The current state of the boating industry has inverted an old business maxim and turned it into a troubling question: Could a rising tide sink all boats?
Since the Great Recession, the marine business has undergone a drastic transformation, shrinking while at the same time becoming more profitable. According to NMMA, in 2006 the industry sold 198,400 new outboard-powered boats; in 2018, after reaching an 11-year high, the number was 177,600 units. In 2006, the average price of an outboard-powered boat over 21 feet was $27,892, while in 2018 the number was up to $74,605.
What’s the meaning in those numbers? Manufacturers are selling fewer boats for more money at higher margins. Profits are up, but so is the average age of the buyer, which reached 58 in 2018.
That statistic would be fine if the industry was also cultivating a next wave of boaters who would be ready to move up to bigger, more expensive boats when the clock inevitably runs out on the current swell of baby boomers with money and free time. The low-cost, entry-level boat has been one of the most notable casualties of the rebound.
“Why would builders go downscale and build a basic boat when they can make more money with bigger, more expensive boats?” asks Bob Steinway, who ran Bayliner in the 1990s and is now president of Link Recreational in Minong, Wis. “Their job is to make as much money as they can, but at some point they have to ask themselves: How are we going to bring in new customers?”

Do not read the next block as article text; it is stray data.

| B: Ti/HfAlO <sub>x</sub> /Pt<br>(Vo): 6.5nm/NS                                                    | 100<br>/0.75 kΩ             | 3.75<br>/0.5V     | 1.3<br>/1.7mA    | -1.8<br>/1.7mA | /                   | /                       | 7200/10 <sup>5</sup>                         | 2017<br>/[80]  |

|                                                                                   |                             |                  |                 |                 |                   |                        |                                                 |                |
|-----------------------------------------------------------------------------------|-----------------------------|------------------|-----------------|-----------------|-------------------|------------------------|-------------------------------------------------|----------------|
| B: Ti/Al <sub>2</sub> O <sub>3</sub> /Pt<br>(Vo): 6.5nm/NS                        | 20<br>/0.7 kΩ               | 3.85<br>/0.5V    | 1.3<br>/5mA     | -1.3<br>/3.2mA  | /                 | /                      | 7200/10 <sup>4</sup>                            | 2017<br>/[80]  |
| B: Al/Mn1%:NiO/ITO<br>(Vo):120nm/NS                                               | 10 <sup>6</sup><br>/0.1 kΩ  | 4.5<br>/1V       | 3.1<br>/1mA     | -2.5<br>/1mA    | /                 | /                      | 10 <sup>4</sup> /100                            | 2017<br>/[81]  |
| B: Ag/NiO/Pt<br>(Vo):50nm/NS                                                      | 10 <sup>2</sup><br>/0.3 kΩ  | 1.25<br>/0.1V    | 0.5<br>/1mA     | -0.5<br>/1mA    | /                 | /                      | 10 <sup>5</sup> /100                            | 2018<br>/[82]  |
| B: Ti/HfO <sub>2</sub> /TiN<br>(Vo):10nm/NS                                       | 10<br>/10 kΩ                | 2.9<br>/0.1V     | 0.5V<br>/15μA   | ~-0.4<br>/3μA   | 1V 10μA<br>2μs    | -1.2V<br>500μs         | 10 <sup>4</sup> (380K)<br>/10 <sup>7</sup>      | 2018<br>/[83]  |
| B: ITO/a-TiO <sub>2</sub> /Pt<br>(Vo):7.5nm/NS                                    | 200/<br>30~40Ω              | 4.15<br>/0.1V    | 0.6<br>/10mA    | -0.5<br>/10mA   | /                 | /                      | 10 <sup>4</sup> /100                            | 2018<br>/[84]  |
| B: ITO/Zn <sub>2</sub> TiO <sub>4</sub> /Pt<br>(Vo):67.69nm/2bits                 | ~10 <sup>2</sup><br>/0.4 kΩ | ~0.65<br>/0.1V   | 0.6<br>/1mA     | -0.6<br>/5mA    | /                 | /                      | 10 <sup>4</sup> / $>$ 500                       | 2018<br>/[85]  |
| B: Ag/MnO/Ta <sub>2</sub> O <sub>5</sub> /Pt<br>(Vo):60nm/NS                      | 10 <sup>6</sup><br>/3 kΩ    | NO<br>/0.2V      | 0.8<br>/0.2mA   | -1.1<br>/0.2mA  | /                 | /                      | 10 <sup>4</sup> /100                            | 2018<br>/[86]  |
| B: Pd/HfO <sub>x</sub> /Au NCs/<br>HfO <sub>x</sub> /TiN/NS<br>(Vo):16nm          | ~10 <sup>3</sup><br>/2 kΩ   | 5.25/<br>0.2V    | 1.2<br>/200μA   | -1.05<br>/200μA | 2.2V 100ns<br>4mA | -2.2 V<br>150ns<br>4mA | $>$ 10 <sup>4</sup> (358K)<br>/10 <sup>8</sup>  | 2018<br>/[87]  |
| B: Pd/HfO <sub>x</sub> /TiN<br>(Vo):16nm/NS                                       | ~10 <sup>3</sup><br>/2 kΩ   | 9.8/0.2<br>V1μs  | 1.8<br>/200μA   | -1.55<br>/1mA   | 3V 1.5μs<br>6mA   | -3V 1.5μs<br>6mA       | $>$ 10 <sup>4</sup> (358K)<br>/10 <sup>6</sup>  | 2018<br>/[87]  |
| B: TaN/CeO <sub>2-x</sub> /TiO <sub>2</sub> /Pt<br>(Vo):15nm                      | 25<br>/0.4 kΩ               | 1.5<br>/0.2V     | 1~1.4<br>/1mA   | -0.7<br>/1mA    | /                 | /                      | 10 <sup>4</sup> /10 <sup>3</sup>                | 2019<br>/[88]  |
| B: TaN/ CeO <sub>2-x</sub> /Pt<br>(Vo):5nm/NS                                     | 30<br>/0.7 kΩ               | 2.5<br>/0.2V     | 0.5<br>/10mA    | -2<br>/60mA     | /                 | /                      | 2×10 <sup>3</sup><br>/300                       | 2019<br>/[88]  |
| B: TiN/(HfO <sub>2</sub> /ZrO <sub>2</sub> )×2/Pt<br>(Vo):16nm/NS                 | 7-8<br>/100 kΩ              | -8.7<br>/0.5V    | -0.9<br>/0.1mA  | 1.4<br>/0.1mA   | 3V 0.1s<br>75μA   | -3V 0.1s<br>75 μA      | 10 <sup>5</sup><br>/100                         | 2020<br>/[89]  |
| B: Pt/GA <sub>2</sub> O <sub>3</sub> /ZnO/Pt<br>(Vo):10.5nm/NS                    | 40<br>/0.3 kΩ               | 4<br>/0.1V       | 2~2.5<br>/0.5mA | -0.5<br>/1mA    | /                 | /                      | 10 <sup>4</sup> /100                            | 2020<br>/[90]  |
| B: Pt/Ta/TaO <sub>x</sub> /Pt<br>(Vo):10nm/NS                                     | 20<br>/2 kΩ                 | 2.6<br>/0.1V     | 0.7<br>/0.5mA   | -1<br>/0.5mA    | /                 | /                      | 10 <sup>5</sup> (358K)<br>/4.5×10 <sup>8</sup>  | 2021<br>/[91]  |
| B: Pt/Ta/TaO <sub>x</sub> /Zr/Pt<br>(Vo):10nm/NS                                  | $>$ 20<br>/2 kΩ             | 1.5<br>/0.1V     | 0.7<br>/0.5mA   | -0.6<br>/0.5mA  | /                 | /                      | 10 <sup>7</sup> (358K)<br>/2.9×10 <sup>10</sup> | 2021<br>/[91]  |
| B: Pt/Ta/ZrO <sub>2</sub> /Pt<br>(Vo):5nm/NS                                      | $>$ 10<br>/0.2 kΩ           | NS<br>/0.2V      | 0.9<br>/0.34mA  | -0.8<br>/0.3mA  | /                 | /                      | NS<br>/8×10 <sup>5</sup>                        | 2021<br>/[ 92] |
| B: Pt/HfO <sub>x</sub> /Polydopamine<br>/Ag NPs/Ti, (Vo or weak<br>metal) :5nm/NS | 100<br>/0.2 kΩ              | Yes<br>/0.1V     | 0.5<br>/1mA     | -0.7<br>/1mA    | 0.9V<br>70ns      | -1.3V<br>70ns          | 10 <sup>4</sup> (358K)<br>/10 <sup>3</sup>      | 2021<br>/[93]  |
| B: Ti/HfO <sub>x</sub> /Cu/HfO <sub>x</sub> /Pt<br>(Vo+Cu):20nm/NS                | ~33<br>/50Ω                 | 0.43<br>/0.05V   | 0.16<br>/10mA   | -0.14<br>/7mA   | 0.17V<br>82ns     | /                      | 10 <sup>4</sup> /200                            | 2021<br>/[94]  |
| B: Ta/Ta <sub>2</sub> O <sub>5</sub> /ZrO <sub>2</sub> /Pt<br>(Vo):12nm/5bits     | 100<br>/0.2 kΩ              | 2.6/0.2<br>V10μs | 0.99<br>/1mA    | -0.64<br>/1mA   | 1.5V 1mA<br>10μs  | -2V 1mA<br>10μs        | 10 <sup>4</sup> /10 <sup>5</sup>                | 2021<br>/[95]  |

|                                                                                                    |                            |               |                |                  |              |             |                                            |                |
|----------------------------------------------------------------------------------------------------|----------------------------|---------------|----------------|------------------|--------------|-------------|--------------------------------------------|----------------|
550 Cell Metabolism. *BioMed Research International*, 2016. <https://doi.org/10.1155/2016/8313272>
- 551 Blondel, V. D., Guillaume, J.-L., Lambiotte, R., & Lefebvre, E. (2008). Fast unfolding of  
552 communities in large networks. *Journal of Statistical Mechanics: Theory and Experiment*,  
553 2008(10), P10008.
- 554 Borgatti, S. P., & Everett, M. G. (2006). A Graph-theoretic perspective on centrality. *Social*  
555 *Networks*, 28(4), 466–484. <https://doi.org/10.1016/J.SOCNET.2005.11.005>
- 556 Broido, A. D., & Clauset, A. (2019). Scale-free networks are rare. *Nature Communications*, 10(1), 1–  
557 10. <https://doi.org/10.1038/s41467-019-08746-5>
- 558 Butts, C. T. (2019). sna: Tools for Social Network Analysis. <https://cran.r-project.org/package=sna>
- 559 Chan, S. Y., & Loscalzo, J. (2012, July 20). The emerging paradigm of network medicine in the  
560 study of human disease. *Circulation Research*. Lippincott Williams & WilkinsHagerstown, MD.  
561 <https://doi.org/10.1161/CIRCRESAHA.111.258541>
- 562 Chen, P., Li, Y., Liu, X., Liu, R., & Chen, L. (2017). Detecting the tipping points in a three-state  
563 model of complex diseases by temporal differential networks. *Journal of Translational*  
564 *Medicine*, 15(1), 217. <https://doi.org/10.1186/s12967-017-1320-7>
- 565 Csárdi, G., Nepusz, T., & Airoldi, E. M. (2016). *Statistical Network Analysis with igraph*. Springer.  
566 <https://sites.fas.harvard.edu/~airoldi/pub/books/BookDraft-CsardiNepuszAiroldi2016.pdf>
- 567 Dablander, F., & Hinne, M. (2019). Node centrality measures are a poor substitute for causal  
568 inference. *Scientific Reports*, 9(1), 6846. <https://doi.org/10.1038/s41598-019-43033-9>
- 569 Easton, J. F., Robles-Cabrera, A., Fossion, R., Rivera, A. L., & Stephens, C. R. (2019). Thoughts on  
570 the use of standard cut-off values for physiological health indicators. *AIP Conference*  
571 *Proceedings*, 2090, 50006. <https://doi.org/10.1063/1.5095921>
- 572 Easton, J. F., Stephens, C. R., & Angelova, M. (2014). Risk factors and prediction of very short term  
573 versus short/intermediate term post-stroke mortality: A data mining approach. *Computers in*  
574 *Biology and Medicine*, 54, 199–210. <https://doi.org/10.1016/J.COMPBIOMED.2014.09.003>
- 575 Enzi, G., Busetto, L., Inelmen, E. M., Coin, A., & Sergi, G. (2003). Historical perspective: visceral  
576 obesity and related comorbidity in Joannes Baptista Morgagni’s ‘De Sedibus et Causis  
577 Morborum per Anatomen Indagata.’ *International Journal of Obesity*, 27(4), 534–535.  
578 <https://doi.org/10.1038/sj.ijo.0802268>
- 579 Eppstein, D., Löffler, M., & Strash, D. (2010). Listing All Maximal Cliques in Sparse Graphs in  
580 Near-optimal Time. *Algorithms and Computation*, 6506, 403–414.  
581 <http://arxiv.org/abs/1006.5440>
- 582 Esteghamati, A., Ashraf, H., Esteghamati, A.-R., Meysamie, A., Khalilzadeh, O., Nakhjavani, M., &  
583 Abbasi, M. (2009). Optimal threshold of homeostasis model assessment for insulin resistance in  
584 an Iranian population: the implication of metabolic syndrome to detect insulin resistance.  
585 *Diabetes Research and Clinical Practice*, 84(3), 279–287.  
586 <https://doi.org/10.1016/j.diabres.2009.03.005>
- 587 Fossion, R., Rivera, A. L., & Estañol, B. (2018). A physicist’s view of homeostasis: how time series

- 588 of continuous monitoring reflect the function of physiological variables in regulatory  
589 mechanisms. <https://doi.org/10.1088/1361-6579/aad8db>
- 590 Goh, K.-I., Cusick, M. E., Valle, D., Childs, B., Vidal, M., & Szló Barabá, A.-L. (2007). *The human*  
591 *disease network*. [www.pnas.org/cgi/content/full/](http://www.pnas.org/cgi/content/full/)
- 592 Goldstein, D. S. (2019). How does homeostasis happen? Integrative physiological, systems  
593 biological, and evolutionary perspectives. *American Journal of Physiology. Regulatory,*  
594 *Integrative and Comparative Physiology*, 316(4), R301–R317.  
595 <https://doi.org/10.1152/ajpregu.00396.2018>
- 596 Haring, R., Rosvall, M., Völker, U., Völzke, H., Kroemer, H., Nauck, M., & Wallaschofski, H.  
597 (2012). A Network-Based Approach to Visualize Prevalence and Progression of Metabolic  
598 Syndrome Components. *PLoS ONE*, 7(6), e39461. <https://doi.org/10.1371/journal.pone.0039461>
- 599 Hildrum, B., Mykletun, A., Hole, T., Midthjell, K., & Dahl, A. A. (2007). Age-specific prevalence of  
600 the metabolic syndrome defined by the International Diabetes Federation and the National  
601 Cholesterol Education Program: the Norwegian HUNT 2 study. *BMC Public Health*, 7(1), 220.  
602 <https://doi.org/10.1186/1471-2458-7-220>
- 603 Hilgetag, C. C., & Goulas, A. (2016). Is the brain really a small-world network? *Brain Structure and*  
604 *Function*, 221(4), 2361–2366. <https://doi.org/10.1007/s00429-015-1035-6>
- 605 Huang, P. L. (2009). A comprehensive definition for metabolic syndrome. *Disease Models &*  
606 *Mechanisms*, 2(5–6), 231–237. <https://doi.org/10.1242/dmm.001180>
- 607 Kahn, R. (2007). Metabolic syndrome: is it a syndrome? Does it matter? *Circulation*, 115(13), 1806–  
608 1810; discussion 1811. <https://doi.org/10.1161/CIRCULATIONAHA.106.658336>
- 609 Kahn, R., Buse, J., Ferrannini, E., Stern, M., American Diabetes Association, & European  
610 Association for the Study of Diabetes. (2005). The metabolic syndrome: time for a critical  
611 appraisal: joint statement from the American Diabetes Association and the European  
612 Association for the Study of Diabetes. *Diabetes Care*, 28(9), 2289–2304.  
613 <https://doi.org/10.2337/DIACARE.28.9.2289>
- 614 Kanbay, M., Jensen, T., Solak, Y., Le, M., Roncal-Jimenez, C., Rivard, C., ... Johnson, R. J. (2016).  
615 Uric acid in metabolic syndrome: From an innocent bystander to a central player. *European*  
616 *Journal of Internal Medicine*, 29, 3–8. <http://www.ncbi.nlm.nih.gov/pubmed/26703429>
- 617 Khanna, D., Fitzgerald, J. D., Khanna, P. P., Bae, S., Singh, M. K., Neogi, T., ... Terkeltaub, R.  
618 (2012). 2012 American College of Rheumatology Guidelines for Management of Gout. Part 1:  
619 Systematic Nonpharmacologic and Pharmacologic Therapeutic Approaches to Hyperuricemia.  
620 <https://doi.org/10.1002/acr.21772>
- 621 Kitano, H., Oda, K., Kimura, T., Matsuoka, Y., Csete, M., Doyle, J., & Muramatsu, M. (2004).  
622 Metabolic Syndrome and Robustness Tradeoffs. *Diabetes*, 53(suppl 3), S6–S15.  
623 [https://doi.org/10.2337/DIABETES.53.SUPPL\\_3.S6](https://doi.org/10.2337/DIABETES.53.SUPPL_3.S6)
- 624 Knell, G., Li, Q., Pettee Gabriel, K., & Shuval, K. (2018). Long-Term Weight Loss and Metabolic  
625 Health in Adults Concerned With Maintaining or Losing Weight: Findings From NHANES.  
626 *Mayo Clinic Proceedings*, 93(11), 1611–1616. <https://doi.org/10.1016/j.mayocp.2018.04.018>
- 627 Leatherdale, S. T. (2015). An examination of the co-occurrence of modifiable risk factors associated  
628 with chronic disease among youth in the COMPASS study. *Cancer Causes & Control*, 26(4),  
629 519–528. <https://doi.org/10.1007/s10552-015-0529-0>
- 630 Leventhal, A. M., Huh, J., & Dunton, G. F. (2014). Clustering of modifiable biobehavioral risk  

Not everyone shares his view. “I don’t see the negative,” says Jack Springer, CEO of Malibu Boats, which also produces Axis, Cobalt and Pursuit models. “We all hear people complaining about price, but when we give them the option to take new features, they take them. People are concerned about price point, but they’re more concerned with enjoying their time on the water.”
On one level, the reasons for the steep increase in boat prices are multifaceted and complex, ranging from material costs to government regulation. “Over the last decade, the price of aluminum has gone up 90 cents to a dollar per pound,” says Doug Smoker, president and CEO of Smoker Craft. The current trade war and tariffs have added to such headwinds.